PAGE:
Managing Slow Receivers

This section discusses options for handling slow receivers.

If the receiver fails to receive a message, the sender continues to attempt to deliver the message as long as the receiving member is still in the distributed system. During the retry cycle, GemFire throws warnings that include this string:
will reattempt

The warnings are followed by an informational message when the delivery finally succeeds.

For distributed regions, the scope of a region determines whether distribution acknowledgments and distributed synchronization are required. Partitioned regions ignore the scope attribute, but for the purposes of this discussion you should think of them as having an implicit distributed-ack scope.

By default, distribution between system members is performed synchronously. With synchronous communication, when one member is slow to receive, it can cause its producers to slow down as well. This, of course, can lead to general performance problems in the distributed system.

If you are experiencing slow performance and are sending large objects (multiple megabytes), before implementing these slow receiver options make sure your socket buffer sizes are appropriate for the size of the objects you distribute. The socket buffer size is set using socket-buffer-size in the file.

Managing Slow distributed-no-ack Receivers

You can configure your consumer members so their messages are queued separately when they are slow to respond. The queueing happens in the producer members when the producers detect slow receipt and allows the producers to keep sending to other consumers at a normal rate. Any member that receives data distribution can be configured as described in this section.

The specifications for handling slow receipt primarily affect how your members manage distribution for regions with distributed-no-ack scope, where distribution is asynchronous, but the specifications can affect other distributed scopes as well. If no regions have distributed-no-ack scope, the mechanism is unlikely to kick in at all. When slow receipt handling does kick in, however, it affects all distribution between the producer and that consumer, regardless of scope.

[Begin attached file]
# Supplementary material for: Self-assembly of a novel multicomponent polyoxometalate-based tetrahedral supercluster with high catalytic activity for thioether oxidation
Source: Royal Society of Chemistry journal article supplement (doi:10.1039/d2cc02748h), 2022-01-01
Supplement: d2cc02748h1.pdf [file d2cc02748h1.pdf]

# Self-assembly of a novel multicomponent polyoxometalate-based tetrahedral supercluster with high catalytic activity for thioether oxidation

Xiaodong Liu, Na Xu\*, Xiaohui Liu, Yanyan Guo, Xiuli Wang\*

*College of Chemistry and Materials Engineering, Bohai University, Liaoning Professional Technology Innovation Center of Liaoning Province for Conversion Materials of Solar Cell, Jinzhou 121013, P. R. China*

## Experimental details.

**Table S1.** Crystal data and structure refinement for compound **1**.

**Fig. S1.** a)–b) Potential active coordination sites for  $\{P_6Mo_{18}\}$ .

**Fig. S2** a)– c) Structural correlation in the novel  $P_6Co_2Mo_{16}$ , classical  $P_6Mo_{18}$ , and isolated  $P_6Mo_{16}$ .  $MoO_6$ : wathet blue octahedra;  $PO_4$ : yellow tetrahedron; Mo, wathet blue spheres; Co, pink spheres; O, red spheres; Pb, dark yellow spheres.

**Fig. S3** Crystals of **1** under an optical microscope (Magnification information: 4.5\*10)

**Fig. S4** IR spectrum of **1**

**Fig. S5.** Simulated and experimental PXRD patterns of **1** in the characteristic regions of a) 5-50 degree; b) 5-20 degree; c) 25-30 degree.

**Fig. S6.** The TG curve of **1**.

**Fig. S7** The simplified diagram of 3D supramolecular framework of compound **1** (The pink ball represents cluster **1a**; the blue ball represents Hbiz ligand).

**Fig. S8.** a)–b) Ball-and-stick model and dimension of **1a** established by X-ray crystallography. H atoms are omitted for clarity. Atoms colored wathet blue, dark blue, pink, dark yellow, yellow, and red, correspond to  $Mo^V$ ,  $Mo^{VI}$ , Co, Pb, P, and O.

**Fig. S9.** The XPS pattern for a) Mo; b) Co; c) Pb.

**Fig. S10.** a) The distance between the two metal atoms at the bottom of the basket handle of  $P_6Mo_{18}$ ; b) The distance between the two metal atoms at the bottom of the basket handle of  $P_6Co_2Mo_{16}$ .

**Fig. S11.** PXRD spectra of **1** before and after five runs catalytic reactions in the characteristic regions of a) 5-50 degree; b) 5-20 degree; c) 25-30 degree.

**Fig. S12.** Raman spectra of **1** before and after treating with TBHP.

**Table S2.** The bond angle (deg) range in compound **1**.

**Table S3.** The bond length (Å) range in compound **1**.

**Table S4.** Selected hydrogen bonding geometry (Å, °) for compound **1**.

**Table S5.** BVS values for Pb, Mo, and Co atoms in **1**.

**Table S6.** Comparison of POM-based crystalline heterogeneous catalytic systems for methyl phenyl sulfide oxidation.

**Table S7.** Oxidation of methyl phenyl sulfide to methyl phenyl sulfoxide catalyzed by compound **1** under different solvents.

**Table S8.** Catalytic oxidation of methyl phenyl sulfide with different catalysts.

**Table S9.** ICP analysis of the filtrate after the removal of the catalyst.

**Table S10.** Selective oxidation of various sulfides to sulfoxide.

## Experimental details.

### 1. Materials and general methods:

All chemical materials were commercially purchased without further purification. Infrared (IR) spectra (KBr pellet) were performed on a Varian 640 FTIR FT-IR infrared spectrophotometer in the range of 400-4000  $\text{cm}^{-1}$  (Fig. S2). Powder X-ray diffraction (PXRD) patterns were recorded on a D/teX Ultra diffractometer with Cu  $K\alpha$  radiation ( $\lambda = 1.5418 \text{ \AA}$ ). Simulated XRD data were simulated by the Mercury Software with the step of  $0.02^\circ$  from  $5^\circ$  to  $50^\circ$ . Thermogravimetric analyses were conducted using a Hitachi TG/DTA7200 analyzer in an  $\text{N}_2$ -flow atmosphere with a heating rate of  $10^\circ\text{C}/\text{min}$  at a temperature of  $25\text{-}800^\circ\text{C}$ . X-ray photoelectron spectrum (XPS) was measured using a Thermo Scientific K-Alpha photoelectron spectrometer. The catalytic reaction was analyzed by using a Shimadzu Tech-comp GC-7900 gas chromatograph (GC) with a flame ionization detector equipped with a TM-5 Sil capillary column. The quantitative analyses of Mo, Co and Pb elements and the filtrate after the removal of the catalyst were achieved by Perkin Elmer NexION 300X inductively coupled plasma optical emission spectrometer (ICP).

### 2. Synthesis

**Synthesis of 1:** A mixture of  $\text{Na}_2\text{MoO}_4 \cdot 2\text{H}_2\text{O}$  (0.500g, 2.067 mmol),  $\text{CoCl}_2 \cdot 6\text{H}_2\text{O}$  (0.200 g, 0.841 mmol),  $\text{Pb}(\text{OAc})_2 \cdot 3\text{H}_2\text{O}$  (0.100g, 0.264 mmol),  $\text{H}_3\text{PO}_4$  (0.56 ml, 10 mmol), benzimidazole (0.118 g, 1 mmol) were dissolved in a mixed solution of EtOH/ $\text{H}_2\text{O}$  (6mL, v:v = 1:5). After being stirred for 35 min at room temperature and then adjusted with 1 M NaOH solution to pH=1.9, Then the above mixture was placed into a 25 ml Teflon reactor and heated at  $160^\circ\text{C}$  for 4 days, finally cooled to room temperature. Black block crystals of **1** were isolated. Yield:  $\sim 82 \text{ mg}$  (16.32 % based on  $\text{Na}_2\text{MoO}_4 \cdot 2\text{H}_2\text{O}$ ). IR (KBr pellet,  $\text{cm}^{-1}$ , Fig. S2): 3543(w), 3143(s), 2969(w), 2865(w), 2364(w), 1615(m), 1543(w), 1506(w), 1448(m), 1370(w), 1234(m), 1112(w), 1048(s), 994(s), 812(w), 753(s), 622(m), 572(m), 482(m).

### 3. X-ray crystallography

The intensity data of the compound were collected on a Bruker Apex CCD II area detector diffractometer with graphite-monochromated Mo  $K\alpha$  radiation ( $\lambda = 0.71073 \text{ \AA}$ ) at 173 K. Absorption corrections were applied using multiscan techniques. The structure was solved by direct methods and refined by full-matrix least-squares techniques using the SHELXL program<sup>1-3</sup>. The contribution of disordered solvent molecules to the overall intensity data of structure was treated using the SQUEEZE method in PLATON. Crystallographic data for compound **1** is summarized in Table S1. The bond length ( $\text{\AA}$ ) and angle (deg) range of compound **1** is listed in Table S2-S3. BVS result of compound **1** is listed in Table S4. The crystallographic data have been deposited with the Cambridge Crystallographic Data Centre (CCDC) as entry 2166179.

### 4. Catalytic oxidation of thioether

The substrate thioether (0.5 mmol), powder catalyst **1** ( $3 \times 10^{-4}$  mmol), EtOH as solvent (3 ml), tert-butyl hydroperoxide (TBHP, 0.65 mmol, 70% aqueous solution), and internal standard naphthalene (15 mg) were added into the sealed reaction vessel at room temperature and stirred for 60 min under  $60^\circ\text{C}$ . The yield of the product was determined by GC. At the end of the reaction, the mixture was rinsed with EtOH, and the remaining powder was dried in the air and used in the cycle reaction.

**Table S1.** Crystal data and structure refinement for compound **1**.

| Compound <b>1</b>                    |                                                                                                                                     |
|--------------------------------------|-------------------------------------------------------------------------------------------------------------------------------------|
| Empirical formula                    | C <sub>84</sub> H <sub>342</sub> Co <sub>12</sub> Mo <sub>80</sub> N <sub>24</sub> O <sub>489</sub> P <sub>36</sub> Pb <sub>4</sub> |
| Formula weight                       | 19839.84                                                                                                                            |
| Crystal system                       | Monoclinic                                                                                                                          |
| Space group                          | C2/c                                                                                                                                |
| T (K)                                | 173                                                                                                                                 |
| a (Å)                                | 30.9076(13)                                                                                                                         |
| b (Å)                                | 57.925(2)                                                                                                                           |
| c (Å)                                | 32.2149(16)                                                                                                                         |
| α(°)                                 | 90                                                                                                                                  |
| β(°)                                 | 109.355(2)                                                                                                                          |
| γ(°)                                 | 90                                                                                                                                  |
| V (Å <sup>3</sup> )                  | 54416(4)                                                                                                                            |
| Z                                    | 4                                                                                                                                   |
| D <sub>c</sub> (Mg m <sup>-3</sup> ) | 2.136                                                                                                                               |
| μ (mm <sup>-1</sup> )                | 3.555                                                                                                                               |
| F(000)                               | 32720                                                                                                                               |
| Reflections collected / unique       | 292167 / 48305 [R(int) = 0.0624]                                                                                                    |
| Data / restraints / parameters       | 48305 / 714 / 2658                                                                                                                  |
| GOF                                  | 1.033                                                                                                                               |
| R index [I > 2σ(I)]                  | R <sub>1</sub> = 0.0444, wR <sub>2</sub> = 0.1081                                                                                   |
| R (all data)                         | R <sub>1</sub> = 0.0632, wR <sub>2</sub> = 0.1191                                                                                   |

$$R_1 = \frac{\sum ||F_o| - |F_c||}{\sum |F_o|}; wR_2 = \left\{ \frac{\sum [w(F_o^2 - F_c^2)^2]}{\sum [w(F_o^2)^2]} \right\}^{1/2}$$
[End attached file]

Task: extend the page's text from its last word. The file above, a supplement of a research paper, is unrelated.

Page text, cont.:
Note: These slow receiver options are disabled in systems using SSL. See SSL.
Each consumer member determines how its own slow behavior is to be handled by its producers. The settings are specified as distributed system connection properties. This section describes the settings and lists the associated properties.
  • async-distribution-timeout—The distribution timeout specifies how long producers are to wait for the consumer to respond to synchronous messaging before switching to asynchronous messaging with that consumer. When a producer switches to asynchronous messaging, it creates a queue for that consumer’s messages and a separate thread to handle the communication. When the queue empties, the producer automatically switches back to synchronous communication with the consumer. These settings affect how long your producer’s cache operations might block. The sum of the timeouts for all consumers is the longest time your producer might block on a cache operation.
  • async-queue-timeout—The queue timeout sets a limit on the length of time the asynchronous messaging queue can exist without a successful distribution to the slow receiver. When the timeout is reached, the producer asks the consumer to leave the distributed system.
  • async-max-queue-size—The maximum queue size limits the amount of memory the asynchronous messaging queue can consume. When the maximum is reached, the producer asks the consumer to leave the distributed system.

Configuring Async Queue Conflation

When the scope is distributed-no-ack scope, you can configure the producer to conflate entry update messages in its queues, which may further speed communication. By default, distributed-no-ack entry update messages are not conflated. The configuration is set in the producer at the region level.

Forcing the Slow Receiver to Disconnect

If either of the queue timeout or maximum queue size limits is reached, the producer sends the consumer a high-priority message (on a different TCP connection than the connection used for cache messaging) telling it to disconnect from the distributed system. This prevents growing memory consumption by the other processes that are queuing changes for the slow receiver while they wait for that receiver to catch up. It also allows the slow member to start fresh, possibly clearing up the issues that were causing it to run slowly.

When a producer gives up on a slow receiver, it logs one of these types of warnings:
  • Blocked for time ms which is longer than the max of asyncQueueTimeout ms so asking slow receiver slow_receiver_ID to disconnect.
  • Queued bytes exceed max of asyncMaxQueueSize so asking slow receiver slow_receiver_ID to disconnect.